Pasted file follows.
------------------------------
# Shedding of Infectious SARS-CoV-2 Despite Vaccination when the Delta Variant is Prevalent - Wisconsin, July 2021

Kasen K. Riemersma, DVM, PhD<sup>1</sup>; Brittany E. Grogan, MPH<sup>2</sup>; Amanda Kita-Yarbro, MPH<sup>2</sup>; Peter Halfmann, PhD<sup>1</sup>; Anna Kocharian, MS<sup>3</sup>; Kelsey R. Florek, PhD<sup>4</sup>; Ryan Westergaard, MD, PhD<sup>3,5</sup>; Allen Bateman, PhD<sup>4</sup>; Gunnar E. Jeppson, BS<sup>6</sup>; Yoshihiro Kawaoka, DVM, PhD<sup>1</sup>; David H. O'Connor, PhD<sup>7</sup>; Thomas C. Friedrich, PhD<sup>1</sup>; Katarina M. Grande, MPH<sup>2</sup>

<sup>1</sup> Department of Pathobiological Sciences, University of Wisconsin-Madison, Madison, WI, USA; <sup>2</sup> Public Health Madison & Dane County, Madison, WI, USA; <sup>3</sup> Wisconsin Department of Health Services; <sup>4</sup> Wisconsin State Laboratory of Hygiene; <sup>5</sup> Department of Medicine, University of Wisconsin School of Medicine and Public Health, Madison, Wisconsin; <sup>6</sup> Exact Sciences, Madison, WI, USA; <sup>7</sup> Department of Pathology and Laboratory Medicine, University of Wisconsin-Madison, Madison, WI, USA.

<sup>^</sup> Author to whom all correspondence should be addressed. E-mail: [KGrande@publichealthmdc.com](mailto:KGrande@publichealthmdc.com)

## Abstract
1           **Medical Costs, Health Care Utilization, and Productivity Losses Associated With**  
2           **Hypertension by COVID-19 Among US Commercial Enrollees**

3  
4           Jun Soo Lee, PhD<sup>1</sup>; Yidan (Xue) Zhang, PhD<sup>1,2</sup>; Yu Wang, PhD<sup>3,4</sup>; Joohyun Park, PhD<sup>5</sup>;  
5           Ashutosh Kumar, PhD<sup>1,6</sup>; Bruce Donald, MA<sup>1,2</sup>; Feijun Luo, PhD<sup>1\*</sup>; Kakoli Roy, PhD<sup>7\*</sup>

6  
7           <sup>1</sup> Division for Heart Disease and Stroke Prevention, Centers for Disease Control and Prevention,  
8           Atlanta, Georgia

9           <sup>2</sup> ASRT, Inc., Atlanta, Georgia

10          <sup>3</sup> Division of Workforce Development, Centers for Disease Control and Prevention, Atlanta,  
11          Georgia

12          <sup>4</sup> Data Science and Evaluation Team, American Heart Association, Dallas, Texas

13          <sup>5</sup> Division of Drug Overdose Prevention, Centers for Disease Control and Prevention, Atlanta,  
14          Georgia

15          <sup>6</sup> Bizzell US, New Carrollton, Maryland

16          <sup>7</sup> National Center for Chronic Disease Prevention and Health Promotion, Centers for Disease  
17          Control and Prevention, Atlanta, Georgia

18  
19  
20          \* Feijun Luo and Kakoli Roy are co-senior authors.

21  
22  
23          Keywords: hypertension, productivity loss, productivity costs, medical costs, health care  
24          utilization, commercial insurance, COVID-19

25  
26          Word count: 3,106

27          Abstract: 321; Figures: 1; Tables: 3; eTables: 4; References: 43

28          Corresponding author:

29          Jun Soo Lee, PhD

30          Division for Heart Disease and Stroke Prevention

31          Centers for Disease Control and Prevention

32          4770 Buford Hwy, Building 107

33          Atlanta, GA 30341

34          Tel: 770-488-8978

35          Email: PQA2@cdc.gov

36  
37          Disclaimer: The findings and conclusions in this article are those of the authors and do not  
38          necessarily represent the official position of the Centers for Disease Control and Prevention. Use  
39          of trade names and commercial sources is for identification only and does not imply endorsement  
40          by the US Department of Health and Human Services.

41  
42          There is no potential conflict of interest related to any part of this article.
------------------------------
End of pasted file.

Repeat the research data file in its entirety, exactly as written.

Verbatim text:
# Shedding of Infectious SARS-CoV-2 Despite Vaccination when the Delta Variant is Prevalent - Wisconsin, July 2021

Kasen K. Riemersma, DVM, PhD<sup>1</sup>; Brittany E. Grogan, MPH<sup>2</sup>; Amanda Kita-Yarbro, MPH<sup>2</sup>; Peter Halfmann, PhD<sup>1</sup>; Anna Kocharian, MS<sup>3</sup>; Kelsey R. Florek, PhD<sup>4</sup>; Ryan Westergaard, MD, PhD<sup>3,5</sup>; Allen Bateman, PhD<sup>4</sup>; Gunnar E. Jeppson, BS<sup>6</sup>; Yoshihiro Kawaoka, DVM, PhD<sup>1</sup>; David H. O'Connor, PhD<sup>7</sup>; Thomas C. Friedrich, PhD<sup>1</sup>; Katarina M. Grande, MPH<sup>2</sup>

<sup>1</sup> Department of Pathobiological Sciences, University of Wisconsin-Madison, Madison, WI, USA; <sup>2</sup> Public Health Madison & Dane County, Madison, WI, USA; <sup>3</sup> Wisconsin Department of Health Services; <sup>4</sup> Wisconsin State Laboratory of Hygiene; <sup>5</sup> Department of Medicine, University of Wisconsin School of Medicine and Public Health, Madison, Wisconsin; <sup>6</sup> Exact Sciences, Madison, WI, USA; <sup>7</sup> Department of Pathology and Laboratory Medicine, University of Wisconsin-Madison, Madison, WI, USA.

<sup>^</sup> Author to whom all correspondence should be addressed. E-mail: [KGrande@publichealthmdc.com](mailto:KGrande@publichealthmdc.com)

## Abstract
1           **Medical Costs, Health Care Utilization, and Productivity Losses Associated With**  
2           **Hypertension by COVID-19 Among US Commercial Enrollees**

3  
4           Jun Soo Lee, PhD<sup>1</sup>; Yidan (Xue) Zhang, PhD<sup>1,2</sup>; Yu Wang, PhD<sup>3,4</sup>; Joohyun Park, PhD<sup>5</sup>;  
5           Ashutosh Kumar, PhD<sup>1,6</sup>; Bruce Donald, MA<sup>1,2</sup>; Feijun Luo, PhD<sup>1\*</sup>; Kakoli Roy, PhD<sup>7\*</sup>

6  
7           <sup>1</sup> Division for Heart Disease and Stroke Prevention, Centers for Disease Control and Prevention,  
8           Atlanta, Georgia

9           <sup>2</sup> ASRT, Inc., Atlanta, Georgia

10          <sup>3</sup> Division of Workforce Development, Centers for Disease Control and Prevention, Atlanta,  
11          Georgia

12          <sup>4</sup> Data Science and Evaluation Team, American Heart Association, Dallas, Texas

13          <sup>5</sup> Division of Drug Overdose Prevention, Centers for Disease Control and Prevention, Atlanta,  
14          Georgia

15          <sup>6</sup> Bizzell US, New Carrollton, Maryland

16          <sup>7</sup> National Center for Chronic Disease Prevention and Health Promotion, Centers for Disease  
17          Control and Prevention, Atlanta, Georgia

18  
19  
20          \* Feijun Luo and Kakoli Roy are co-senior authors.

21  
22  
23          Keywords: hypertension, productivity loss, productivity costs, medical costs, health care  
24          utilization, commercial insurance, COVID-19

25  
26          Word count: 3,106

27          Abstract: 321; Figures: 1; Tables: 3; eTables: 4; References: 43

28          Corresponding author:

29          Jun Soo Lee, PhD

30          Division for Heart Disease and Stroke Prevention

31          Centers for Disease Control and Prevention

32          4770 Buford Hwy, Building 107

33          Atlanta, GA 30341

34          Tel: 770-488-8978

35          Email: PQA2@cdc.gov

36  
37          Disclaimer: The findings and conclusions in this article are those of the authors and do not  
38          necessarily represent the official position of the Centers for Disease Control and Prevention. Use  
39          of trade names and commercial sources is for identification only and does not imply endorsement  
40          by the US Department of Health and Human Services.

41  
42          There is no potential conflict of interest related to any part of this article.